When the news broke on Thursday, May 24th that the great Tina Turner had passed away, music journalists from around the world mobilized to memorialize this towering woman of music in many different ways. For Saving Country Music, this took shape as a recitation of Tina Turner’s contributions to country music that came as a surprise to many people.
No, Tina Turner was not a country music star. But her first solo album in 1974 was called Tina Turns The Country On! and included country and folk classics. Turner also recorded about 10 or so other country songs during her career, both during her time with Ike Turner and afterwards. She also inspired Waylon Jennings and Willie Nelson to write the country classic “Good Hearted Woman.”
We’re all music fans first, and then our loyalties split down genre lines. That’s why the entire music world mourned the loss of Tina Turner, including country fans. But it’s always cool when you discover that someone you may not expect loves country music like you do, whether that’s some sports celebrity, actor, or in this case, a pop, soul, and rock star. It’s even more cool when they performed country music, like Tina Turner did.
Though Turner definitely deserved more recognition for her efforts in the country music realm while she was still alive, it was warm to see country fans discovering that in her own little way, Tina Turner was one of us. She loved country music. But of course, in this polarized and outrage-driven environment that we live in today, some are taking the moment of Tina Turner’s death to assert that the singer was one of country music’s Black contributors that was somehow shut out or shunned by the country music industry.
Though it’s certainly true that at times in the past, country music has been less than accommodating or outright hostile to certain Black performers in shameful ways, this is absolutely not the case with Tina Turner. Creating this canard is a gross rewriting of history being perpetrated by people who want to use Turner’s death to morally preen while once again using country music as the foil.
The day after Tina Turner passed away, Rolling Stone posted a story entitled, “Tina Turner’s Solo Debut Was a Country Album. Why Hasn’t the Genre Claimed Her as Its Own?” Of course, it’s paywalled, like so many of these think pieces these days. But the summation of the article reads in part,
“Despite recording a series of country songs by Dolly Parton, Hank Snow, and Kris Kristofferson for her 1974 solo debut ‘Tina Turns the Country On!’, the album remains a curiosity, or entirely unknown, by today’s country music listener. What’s more, Nashville and the genre have yet to embrace Turner the way it has other country-adjacent icons…”
The article is rather quick and surprisingly poorly-constructed by Joseph Hudak. It’s not even clear if he wrote it, or if it was author Francesca T. Royster who is also cited. Either way, instead of running down the full breadth of Tina Turner’s country music contributions and bonafides in an attempt to educate the public and re-introduce Tina’s legacy into the country music canon, the article just descends into a succession of buzzwards and sloganeering about Tina Turner to try and ingratiate itself to a constituency, speaking about her “power” and her ability to “weaponize lots of different kinds of music.”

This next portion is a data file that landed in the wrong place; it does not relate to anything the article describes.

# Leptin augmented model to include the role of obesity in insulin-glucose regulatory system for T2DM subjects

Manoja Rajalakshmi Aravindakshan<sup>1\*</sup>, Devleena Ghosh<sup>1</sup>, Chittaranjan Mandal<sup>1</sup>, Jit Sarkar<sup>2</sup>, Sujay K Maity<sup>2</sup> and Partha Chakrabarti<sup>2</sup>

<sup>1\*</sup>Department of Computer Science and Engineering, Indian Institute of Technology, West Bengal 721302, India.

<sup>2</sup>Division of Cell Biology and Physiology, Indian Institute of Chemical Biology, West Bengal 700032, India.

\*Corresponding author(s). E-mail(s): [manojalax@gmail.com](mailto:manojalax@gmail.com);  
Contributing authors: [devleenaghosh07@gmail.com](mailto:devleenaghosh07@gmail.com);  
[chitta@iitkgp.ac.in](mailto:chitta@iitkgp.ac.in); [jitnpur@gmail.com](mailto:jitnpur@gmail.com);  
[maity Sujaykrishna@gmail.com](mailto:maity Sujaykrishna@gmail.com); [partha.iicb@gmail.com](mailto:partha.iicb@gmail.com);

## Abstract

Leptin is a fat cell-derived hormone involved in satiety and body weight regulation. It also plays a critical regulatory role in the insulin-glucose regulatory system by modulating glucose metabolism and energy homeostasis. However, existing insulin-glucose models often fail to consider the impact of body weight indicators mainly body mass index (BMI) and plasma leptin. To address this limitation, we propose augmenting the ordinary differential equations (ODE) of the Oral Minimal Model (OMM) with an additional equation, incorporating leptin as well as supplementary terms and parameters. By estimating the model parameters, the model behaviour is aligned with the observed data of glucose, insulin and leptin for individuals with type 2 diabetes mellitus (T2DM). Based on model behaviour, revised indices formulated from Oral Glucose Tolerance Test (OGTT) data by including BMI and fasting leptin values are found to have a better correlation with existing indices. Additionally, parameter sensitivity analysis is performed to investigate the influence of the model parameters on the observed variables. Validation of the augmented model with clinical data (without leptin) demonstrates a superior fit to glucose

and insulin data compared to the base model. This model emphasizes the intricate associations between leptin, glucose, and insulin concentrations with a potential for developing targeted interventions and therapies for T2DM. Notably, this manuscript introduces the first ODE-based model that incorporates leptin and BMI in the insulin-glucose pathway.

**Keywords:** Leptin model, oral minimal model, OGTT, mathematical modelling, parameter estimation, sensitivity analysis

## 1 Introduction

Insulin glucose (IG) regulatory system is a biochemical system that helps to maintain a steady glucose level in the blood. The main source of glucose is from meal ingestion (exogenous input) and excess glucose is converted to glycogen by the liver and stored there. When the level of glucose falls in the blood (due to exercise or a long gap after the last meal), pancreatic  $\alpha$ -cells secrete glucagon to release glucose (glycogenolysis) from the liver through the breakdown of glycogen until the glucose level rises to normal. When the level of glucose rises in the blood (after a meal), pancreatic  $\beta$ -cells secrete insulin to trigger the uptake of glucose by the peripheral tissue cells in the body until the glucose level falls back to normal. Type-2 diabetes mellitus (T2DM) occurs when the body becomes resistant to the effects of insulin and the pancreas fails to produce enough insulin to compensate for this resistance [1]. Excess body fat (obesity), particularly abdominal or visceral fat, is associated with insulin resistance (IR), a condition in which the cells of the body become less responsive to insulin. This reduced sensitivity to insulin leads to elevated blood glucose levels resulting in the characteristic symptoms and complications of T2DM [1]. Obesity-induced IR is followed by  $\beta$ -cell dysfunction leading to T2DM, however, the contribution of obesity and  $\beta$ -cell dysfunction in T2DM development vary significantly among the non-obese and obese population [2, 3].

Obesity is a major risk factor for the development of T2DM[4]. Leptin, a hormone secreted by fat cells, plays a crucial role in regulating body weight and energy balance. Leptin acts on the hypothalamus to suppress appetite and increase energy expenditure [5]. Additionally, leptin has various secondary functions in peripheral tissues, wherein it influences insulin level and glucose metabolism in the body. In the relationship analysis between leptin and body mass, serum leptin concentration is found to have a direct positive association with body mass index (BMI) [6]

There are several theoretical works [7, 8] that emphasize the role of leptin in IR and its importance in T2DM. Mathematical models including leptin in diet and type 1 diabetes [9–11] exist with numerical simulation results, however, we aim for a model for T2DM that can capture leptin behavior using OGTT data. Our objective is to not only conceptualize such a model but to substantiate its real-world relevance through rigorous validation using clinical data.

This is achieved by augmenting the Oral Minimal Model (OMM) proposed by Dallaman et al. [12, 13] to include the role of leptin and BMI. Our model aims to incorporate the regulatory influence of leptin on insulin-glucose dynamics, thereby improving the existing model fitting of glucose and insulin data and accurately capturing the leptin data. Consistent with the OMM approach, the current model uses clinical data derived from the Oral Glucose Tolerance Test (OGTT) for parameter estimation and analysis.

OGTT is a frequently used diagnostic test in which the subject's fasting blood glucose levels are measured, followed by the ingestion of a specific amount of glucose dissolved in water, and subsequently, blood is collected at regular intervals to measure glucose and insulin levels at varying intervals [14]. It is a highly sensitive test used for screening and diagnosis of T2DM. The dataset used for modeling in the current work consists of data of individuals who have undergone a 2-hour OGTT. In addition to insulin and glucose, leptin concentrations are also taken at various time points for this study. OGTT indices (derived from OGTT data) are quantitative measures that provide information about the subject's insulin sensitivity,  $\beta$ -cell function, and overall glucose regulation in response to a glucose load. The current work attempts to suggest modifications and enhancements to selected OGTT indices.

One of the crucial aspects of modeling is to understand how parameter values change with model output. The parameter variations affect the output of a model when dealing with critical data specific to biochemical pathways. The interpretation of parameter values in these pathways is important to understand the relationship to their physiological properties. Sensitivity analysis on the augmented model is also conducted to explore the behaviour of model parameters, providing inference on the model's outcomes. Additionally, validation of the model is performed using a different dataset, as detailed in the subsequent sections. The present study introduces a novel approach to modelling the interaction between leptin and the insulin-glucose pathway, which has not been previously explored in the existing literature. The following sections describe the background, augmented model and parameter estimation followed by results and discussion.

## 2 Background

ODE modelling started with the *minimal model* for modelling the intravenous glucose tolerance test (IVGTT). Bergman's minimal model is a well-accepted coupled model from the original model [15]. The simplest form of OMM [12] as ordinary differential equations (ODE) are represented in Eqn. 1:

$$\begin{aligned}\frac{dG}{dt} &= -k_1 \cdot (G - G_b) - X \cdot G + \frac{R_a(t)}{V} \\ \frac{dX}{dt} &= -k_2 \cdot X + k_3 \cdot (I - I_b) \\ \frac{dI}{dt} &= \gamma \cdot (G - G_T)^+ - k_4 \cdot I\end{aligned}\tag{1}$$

Marcus K. Dowling writing for The Tennessean does a much better job actually running down what Tina Turner did within the country music realm, why country music meant something to her, and why Tina Turner should mean something to country music. But still, the implication is that it’s country music’s fault that Turner didn’t make it as a country music star. Once again stuck behind a paywall, the article is titled “How Tina Turner’s interrupted country legacy could have changed the genre.”
But in neither of these stories do you read about how Tina Turner came to Nashville and couldn’t find producers and players to work with her, or how she was shuffled out the back door at the Grand Ole Opry, or how they released a single to country radio but country radio refused to play it. The reason for this is because these stories don’t exist, nor do any others that in any way implicate “country music” as being unfair or unaccommodating to Tina Turner or her music in any way.
As one former country music DJ commented:
I’m a lifelong fan of country music and I was working full-time in country radio in 1974. But this is the first I’ve ever heard of Tina Turner’s country album! Don’t remember my station having a copy of a single or an album by her. Nor do I recall hearing her played on any other country radio station around that time. Our playlist was tracked weekly by Billboard, Cashbox and Record World so we consistently had great service from all the country record labels in Nashville. Maybe if we had a copy we might have played it.
For the record my station did play “Fairytale” by the Pointer Sisters that same year. Their record label ABC/Blue Thumb sent us a promotional copy. I recall quite a few other country stations played that song too. Great tune.
So why wasn’t Tina Turner “embraced” by country music? The answer is very simple, verifiable, and common sense: it’s because her country music album and songs have been out of print for some 40 years. Tina Turns The Country On! is not available for streaming our download anywhere, nor has it ever been. The album was never in production even during the CD era. Unless you purchased one of the original copies released on vinyl, you’ve never heard the album. Only a few copies are available on eBay, and unless you’re willing to pony up between $88.00 – $249.00, you’re out of luck for listening.
Rolling Stone says, “It’s out of print now, but even so the album hasn’t made the impact that it deserves.” But how is it supposed to have any impact whatsoever when nobody can hear it? And this is not country music’s fault. Once again, “country music” is being addressed like it is a monolith, as if it’s artists, fans, labels, institutions, and industry all work in lock step with each other—and in this instance, to actively not embrace Tina Turner, despite her releasing a country album.
But it wasn’t even a country label that released Turner’s country album in the first place, it was United Artists out of Los Angeles. The album was recorded at Bolic Sound in Inglewood, California that was built by Ike Turner. If anyone should be implicated for not embracing Tina Turner’s country output and depreciating it in the modern music diet, it should be them. In 2021, Tina Turner sold her entire catalog to BMG for $50 million. In theory, it would now be up to BMG to reissue Tina Turner’s country music, including her debut album and the respective singles. So far, they have not.